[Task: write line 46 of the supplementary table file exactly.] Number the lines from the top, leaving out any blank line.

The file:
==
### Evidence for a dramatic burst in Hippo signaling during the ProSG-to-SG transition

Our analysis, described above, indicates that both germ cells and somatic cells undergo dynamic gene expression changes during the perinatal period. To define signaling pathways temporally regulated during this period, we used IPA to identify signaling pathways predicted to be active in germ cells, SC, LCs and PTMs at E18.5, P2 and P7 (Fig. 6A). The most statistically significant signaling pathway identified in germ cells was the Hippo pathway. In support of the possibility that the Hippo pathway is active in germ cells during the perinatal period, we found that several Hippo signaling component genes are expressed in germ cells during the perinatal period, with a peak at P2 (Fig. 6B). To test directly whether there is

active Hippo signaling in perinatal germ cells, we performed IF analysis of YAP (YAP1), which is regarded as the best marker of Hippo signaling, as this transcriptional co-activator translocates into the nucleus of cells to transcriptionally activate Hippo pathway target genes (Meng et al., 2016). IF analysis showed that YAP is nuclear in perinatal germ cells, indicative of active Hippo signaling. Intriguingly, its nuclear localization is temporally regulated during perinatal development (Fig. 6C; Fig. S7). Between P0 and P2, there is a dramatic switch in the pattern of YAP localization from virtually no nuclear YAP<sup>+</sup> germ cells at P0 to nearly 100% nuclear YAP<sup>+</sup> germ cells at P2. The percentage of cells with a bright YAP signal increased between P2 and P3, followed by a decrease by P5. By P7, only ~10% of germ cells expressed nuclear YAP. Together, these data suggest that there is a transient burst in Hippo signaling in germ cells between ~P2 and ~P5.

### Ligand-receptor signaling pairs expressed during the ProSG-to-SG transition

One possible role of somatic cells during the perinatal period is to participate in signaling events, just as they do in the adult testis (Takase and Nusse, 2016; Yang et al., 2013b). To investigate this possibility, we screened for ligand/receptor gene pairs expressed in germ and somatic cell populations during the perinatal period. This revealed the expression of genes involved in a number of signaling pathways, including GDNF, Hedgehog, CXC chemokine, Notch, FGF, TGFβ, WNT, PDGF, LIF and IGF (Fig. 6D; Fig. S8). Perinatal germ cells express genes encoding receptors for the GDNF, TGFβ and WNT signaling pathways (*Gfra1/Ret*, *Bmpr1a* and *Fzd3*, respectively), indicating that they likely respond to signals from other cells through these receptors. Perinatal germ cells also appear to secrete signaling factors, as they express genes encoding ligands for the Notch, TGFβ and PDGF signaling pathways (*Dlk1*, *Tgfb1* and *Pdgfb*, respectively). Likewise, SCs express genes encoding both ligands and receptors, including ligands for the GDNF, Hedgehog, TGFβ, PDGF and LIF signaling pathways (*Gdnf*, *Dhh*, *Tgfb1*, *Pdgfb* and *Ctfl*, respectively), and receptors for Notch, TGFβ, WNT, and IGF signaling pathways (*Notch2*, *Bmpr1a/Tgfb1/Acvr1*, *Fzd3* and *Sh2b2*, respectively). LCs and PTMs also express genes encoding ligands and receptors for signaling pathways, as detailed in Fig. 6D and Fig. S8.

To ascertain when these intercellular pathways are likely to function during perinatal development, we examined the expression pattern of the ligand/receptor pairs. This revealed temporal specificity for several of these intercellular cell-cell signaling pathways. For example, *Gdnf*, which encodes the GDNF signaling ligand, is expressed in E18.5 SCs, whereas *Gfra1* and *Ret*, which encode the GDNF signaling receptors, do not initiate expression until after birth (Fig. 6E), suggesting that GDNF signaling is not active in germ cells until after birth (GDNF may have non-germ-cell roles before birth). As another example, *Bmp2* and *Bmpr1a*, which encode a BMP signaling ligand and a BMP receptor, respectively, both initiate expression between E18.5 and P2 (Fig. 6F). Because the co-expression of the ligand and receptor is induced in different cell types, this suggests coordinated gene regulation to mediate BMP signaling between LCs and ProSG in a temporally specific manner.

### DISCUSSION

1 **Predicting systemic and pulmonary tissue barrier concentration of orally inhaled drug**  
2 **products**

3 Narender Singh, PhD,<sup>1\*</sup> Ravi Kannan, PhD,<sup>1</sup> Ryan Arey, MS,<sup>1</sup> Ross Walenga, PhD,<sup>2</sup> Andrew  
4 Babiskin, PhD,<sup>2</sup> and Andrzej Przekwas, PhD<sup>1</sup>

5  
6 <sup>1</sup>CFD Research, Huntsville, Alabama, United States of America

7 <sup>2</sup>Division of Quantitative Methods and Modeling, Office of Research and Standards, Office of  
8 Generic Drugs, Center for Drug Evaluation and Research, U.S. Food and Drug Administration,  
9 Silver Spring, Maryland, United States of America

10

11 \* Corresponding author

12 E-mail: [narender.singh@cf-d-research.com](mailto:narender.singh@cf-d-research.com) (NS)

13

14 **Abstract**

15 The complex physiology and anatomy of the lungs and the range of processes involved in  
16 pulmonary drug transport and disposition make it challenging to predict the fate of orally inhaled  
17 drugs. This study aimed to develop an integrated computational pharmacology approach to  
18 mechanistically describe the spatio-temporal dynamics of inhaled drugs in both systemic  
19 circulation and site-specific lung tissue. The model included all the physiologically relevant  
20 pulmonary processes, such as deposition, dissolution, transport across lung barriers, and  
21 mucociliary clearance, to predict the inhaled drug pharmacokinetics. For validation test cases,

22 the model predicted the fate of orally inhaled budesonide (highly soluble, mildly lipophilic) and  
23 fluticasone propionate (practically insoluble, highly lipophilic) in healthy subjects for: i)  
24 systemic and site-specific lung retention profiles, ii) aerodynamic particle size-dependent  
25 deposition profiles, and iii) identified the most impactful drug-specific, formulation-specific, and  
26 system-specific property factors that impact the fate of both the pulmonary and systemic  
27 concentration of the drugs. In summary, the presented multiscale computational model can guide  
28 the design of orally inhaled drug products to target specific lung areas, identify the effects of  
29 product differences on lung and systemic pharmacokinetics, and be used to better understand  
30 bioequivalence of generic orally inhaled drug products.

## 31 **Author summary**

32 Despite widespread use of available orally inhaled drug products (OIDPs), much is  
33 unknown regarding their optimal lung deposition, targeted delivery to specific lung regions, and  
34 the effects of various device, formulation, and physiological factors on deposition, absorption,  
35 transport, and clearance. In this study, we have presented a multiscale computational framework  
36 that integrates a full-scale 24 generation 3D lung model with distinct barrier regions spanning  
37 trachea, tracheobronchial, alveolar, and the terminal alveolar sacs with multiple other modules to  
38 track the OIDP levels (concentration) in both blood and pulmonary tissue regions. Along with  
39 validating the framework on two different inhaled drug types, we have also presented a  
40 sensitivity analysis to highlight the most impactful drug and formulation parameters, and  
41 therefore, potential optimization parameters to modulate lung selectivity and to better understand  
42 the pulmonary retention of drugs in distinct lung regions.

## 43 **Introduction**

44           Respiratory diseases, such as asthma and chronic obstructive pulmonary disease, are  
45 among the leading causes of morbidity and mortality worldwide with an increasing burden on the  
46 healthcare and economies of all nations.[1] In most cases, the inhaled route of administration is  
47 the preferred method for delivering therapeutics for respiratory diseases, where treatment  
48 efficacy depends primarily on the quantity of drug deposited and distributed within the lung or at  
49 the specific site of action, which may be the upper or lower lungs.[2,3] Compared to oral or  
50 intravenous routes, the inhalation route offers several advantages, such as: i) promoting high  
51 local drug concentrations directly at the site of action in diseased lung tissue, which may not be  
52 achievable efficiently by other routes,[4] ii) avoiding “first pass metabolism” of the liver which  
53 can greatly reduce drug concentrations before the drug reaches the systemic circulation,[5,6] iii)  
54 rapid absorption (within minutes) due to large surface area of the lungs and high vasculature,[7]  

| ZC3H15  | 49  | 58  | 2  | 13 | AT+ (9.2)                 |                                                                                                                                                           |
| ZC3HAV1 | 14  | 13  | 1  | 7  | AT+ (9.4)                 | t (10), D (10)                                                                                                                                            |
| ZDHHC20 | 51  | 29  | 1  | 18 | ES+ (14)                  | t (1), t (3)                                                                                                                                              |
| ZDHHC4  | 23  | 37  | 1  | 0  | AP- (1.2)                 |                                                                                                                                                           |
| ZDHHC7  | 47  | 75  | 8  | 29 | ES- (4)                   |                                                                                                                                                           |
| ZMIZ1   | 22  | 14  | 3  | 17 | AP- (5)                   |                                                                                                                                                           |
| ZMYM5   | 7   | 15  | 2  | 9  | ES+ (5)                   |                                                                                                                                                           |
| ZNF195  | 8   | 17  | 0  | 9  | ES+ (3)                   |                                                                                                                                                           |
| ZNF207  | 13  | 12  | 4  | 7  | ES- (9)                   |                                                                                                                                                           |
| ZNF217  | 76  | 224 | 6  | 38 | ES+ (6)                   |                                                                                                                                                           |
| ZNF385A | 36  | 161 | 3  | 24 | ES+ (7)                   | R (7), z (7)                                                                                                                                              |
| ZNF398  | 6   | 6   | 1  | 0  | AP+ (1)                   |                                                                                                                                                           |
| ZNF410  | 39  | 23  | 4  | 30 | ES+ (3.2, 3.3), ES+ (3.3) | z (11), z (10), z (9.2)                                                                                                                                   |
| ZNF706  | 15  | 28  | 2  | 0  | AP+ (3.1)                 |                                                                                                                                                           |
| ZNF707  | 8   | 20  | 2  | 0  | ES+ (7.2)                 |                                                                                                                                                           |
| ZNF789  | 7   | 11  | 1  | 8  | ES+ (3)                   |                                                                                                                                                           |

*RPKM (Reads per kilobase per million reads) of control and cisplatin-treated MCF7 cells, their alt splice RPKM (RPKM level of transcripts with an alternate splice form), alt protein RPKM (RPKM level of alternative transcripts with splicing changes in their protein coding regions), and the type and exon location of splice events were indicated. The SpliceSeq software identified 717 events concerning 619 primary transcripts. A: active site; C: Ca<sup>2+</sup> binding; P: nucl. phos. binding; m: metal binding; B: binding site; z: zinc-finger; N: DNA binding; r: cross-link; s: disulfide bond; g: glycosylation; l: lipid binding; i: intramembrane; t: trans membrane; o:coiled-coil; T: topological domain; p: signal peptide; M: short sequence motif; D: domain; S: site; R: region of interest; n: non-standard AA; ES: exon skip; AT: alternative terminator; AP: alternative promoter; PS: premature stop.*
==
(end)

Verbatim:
39 validating the framework on two different inhaled drug types, we have also presented a  